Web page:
Organization
Organization Name: 
My Turn
Organization Director: 
Barbara Duffy
Program Name: 
My Turn
Street Address: 
156 Main Street
City: 
Brockton
State: 
MA
Contact
Contact Person: 
Barbara Duffy
Contact Title: 
Program Director
Contact E-mail: 
Program
Program Summary: 

MY TURN was started in 1984 and has grown into a leading provider of vocational and education services for youth in small, urban communities. MY TURN's mission is to "assist youth in the development and identification of their skills, goals and self-confidence through career exploration, employment training and postsecondary planning in collaboration with partnering organizations." MY TURN seeks to help underserved young people make a successful transition to adulthood, measured, in part, by job placement and retention, and post-secondary education enrollment and credential acquisition. MY TURN has grown from serving 100 youth in Brockton, Massachusetts to serving more than 2,000 youth in 14 small cities throughout Massachusetts and Southern New Hampshire.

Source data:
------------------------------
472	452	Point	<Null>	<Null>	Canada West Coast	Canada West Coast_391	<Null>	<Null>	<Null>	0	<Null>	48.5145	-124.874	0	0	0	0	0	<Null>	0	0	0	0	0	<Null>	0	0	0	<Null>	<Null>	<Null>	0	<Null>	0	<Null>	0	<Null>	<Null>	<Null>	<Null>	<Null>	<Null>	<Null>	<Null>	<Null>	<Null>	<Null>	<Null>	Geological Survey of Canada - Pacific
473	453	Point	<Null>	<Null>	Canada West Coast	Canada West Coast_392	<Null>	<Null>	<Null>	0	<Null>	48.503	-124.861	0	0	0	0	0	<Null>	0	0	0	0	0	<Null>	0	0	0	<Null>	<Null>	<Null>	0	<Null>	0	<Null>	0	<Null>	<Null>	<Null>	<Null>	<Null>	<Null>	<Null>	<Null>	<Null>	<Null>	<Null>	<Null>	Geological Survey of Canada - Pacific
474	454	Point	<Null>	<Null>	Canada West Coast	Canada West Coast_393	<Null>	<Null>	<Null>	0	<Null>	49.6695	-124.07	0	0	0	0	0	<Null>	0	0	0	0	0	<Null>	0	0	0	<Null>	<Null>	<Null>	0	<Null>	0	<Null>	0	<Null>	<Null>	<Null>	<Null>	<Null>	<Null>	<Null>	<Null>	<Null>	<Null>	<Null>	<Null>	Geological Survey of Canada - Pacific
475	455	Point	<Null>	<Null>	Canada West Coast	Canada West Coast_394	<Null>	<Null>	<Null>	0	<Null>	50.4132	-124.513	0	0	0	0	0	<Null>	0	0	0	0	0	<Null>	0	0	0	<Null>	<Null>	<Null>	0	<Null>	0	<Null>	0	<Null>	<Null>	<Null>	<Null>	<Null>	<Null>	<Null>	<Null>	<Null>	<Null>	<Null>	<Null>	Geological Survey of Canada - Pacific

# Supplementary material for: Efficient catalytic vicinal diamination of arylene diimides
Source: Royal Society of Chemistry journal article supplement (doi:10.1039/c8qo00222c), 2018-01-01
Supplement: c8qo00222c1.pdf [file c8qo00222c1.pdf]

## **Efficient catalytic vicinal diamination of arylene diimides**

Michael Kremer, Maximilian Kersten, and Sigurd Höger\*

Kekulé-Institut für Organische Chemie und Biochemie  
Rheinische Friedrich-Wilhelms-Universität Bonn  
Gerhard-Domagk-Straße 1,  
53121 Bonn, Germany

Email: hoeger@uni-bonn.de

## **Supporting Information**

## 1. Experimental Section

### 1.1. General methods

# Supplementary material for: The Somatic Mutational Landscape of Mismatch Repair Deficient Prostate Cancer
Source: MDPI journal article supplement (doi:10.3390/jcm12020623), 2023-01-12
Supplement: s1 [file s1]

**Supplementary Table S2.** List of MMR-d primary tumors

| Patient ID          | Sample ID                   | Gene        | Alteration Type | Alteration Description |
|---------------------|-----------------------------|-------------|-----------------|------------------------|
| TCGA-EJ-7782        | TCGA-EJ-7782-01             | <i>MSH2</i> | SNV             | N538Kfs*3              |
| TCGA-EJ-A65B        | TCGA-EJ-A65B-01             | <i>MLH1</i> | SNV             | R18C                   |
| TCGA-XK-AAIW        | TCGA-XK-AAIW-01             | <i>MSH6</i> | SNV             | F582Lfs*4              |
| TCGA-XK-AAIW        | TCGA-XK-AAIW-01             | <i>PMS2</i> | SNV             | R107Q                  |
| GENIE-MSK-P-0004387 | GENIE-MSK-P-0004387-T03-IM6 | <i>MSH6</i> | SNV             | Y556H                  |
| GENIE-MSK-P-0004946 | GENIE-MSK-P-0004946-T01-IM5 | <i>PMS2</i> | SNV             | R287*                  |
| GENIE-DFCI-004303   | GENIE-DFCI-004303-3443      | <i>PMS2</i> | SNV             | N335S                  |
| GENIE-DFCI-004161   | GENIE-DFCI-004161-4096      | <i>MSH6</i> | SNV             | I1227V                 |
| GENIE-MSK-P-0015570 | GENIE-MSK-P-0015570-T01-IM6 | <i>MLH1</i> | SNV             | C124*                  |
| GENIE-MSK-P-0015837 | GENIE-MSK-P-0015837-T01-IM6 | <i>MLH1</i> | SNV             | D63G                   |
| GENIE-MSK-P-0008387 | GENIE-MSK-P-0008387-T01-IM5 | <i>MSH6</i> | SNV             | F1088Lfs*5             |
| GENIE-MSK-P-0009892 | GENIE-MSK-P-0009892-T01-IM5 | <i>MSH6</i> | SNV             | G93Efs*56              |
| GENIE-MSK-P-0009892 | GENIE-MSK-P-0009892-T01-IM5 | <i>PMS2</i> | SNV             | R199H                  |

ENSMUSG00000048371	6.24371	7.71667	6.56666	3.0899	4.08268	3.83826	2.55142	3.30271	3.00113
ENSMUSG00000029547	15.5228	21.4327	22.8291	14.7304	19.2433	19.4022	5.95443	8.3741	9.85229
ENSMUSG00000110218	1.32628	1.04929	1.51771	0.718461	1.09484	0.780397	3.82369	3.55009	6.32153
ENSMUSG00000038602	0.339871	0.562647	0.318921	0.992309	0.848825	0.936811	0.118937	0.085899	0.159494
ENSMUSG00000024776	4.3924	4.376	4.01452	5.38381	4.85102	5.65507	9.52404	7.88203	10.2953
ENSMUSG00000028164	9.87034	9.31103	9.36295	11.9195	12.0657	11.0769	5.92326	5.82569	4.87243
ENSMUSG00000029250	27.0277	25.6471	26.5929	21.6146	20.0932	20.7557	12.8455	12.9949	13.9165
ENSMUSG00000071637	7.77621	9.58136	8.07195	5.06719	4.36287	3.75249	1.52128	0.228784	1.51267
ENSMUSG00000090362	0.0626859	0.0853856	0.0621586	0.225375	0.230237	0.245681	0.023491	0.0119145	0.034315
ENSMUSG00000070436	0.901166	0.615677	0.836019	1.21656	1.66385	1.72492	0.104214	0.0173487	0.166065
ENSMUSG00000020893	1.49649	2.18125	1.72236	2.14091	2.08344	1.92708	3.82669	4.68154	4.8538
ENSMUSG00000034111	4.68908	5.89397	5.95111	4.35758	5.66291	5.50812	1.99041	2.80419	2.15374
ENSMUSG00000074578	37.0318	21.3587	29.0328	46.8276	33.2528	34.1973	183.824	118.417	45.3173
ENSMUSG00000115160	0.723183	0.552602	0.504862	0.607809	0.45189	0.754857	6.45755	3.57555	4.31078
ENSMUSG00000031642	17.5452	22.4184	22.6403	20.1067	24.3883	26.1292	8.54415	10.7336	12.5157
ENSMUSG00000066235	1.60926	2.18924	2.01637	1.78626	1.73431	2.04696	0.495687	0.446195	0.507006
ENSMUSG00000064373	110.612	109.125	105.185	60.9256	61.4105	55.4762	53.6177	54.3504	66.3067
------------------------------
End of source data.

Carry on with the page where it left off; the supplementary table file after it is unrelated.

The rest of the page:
MY TURN serves both in-school and out-of-school youth in the 16 -- 21 age range. Programs provide youth with academic and work place skills and interpersonal tools needed for success in post-secondary education and the workplace. In-school youth programs operate in partnership with local high schools and provide a sequence of activities that prepare youth for the adult world. Students in grades 9 -- 11 are trained in soft skills such as time management and work ethics, and are given the opportunity to observe and try out various careers. Seniors who have opted out of college engage in a variety of work preparation activities and are connected to the employer community. Youth are then supported in their first jobs.